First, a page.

1910, page 475. It is interesting to also note that in her
1910 book, Our Fellow Slavic Citizens, Emily Greene
Balch states that in 1855 there were 19 Bohemian
families in all of Cleveland (page 226), of which my
family evidently was a part.
One of the sayings my Czech grandmother always
used after a storm, and as the sky began to clear, was
“Is there enough blue to make a Dutchman a pair of
britches?” Well, one day out of perhaps the same Dutch
blue, came an email from my friend Peter Knegtel.
As many of you have, I am sure, I’ve been blessed The Main Street in Lidgerwood, North Dakota taken around
to meet up with some truly special fellow genealogists. 1896-98. Photo courtesy of Lidgerwood Community Museum.
Helpful, collegial, and united in the search for proof,
cousin, Barbora Knechtl, in the Czech Republic. Barthese folks have added tremendously to my love and
bora and I had met years earlier as part of our individual
enjoyment of this field. One of those folks happens to
family history work with Knechtl families in the Clevebe a maven of the Knechtl name, whom I met online
some time ago and has now become quite an ‘electronic land area. It wasn’t until late in our processes that we
friend’. As I said, his name is Peter Knegtel and he lives found the proof that we were, indeed, related. Barbora
in the Netherlands. Needless to say, without the Internet, and I both agreed that there was a chance that I was
‘on to’ the correct František. Especially since neither
Facebook, etc. it would be a lot harder for us to stay in
of us knew anything about this fellow past his mother
touch.
Over the years, Peter and I had worked on a number and father, Matěj and Marie Anna Nejedlý Knechtl, his
birth date of August 5, 1834, and home village of Ptice,
of the Knechtl lines in my own, and other, families. On
this day Peter’s email contained some questions regard- Praha-zapad, Bohemia. So the search continued.
Leo Baca’s series, Czech Immigration Passenger
ing one of the many men with the name of František
Lists, gave me more information to work with. (Aside:
Knechtl and who may have spent some time in Cleveland, Minnesota, Iowa and/or North Dakota. Peter asked One of the luckier times in my life was when I won the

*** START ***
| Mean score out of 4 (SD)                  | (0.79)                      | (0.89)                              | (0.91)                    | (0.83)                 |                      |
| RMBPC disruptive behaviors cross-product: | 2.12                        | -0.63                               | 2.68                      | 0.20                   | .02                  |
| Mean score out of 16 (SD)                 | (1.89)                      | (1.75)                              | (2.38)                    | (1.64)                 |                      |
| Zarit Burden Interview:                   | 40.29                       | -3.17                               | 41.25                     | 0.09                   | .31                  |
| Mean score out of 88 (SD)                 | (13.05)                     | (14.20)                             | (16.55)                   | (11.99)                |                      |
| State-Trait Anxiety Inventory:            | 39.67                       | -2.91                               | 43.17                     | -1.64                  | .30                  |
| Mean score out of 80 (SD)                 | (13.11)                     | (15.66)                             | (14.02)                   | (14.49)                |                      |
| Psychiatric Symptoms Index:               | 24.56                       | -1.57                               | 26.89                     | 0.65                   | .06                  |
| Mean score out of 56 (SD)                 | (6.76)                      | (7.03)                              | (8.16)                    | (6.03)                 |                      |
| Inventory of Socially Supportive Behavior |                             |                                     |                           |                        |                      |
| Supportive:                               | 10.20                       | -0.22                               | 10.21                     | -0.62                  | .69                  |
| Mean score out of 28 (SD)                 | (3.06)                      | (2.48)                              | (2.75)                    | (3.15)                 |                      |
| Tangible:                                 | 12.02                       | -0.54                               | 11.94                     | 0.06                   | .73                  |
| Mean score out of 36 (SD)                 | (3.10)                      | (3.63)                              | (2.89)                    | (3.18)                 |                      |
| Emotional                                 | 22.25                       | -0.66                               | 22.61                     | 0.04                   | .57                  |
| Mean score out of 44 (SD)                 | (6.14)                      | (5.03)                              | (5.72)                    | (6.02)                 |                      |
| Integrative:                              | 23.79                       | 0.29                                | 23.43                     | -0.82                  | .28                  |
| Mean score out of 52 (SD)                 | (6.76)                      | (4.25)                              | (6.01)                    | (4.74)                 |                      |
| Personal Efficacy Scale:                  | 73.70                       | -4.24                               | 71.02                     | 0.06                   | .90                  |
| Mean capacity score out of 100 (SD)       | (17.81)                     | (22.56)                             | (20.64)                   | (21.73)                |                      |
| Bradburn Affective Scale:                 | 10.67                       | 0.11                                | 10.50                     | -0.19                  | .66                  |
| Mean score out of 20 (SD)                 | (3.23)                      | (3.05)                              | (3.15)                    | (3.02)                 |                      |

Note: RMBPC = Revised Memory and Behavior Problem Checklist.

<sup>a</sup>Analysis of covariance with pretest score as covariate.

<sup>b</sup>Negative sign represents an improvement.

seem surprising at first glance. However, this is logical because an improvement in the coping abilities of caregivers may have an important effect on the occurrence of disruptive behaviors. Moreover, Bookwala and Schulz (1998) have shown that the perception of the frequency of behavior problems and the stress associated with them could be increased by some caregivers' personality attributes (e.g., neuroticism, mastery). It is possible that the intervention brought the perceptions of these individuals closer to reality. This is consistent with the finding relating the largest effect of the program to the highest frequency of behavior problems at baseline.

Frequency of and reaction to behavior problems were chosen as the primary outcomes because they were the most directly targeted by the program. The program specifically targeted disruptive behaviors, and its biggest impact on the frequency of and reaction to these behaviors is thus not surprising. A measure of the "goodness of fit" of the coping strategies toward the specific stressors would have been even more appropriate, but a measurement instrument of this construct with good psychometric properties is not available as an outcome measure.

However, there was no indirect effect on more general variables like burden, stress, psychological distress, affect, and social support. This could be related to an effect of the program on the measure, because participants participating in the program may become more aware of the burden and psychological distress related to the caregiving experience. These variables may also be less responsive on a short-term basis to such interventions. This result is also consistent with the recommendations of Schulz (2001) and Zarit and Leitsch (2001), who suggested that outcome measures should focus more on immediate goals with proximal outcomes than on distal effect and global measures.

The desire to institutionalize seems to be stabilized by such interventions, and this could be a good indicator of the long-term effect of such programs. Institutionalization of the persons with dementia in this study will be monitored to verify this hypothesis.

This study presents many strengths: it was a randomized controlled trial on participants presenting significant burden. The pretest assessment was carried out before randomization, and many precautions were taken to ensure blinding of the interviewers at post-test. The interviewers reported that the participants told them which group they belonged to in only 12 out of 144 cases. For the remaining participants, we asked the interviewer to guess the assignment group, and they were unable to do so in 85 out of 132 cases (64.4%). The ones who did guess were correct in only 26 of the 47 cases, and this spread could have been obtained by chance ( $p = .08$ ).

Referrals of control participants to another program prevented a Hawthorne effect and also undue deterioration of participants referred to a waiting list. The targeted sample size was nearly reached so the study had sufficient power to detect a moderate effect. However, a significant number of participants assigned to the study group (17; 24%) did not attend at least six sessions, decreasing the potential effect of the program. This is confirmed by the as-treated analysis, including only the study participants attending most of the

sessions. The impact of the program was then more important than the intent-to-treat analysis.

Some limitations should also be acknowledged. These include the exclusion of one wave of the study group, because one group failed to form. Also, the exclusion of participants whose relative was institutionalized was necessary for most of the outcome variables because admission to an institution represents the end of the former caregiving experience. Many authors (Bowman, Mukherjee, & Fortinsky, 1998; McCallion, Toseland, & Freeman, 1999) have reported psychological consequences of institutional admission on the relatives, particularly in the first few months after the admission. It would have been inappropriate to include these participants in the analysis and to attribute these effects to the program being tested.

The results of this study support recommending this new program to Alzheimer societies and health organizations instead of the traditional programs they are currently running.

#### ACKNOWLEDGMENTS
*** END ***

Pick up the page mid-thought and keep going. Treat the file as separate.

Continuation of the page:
Silent Auction for a set of these at the CGSI Cleveland
what I knew of this František and if he might be part of
convention.) There in Volume VIII, Baltimore, 1834 –
‘my’ Knechtl family. Never one to ignore a friend-in1879, was the enticing entry of František Knechtel (sic),
need, nor a Bohemian-related mystery, I dove in!
accompanied by his wife, Catha, and daughters Barba,
As I sifted through over half a dozen František or
Frank Knechtl family members (not to mention the mul- Maria, Antonia, and Anna.
While many records are in the process of being
tiple permutations of the spelling of Knechtl) I began
to think there was a chance that this unknown František digitally indexed and cataloged online in the Czech Republic, I found that the records for the parish for Prahawas actually František Seraphinus Knechtl (*1834
zapad have not. Since my inclination to ask for favors
– unknown at that time). František Seraphinus is my
from family only extends to a certain point, I asked Barfirst cousin, 4-times removed so this was a very excitbora to give me a referral to a good, local researcher in
ing possibility! My excitement was muted in large part
the Czech Republic that could do a fairly simple lookby the fact that as I looked at U.S. Census records and
up for me. David Kohout got the ‘call’ and served me
other documentation I saw that this might well be the
proud! There it was. František Seraphinus was certainly
Knechtl family who lived in Protivin, Iowa and Lidgerwood, North Dakota. These were not places where I had the son of Matěj and Marie Anna Nejedlý Knechtl. Plus
David was able to find and send me the images of his
any family that I knew of. These were not communities
that I knew much about at all, nor were they ever part of marriage certificate as well as the birth records for the
children. There was Katharine Himl on the marriage
family discussions, legends, or myths I had ever heard.
First things first, which for me means I go to my ad- certificate and Anna, Barbora, and Antoinie named on
each birth record. This was everyone who was shown on
dress book to pick out the best living relative I can find
to ask for help. This time I did a quick check-in with my Leo Baca’s listing. Happy? Me? Just a bit!
Page 84
Naše rodina
September 2011 Vol. 23 No. 3
Still, I was more than a bit perplexed by the location
of Lidgerwood, North Dakota. I began to look into this
place that I now knew was where my first cousin had
lived. I was soon to find out what an interesting place it
is.
The first nice thing I learned about Lidgerwood is
that it is the only town with that name in the world. That
alone tends to make searches in Google, Mapquest, Ancestry.com, etc. a bit easier.
Lidgerwood is located in Richland County. Richland County is also easy to find on a map as it happens
to be the county located in the very southeastern corner
of North Dakota. South of Fargo, with Wahpeton as its
county seat, Lidgerwood and Richland County are in the
heart of the wheat fields of the State.
The prehistoric glaciers that retreated across North
America left behind them the wide, rolling prairies of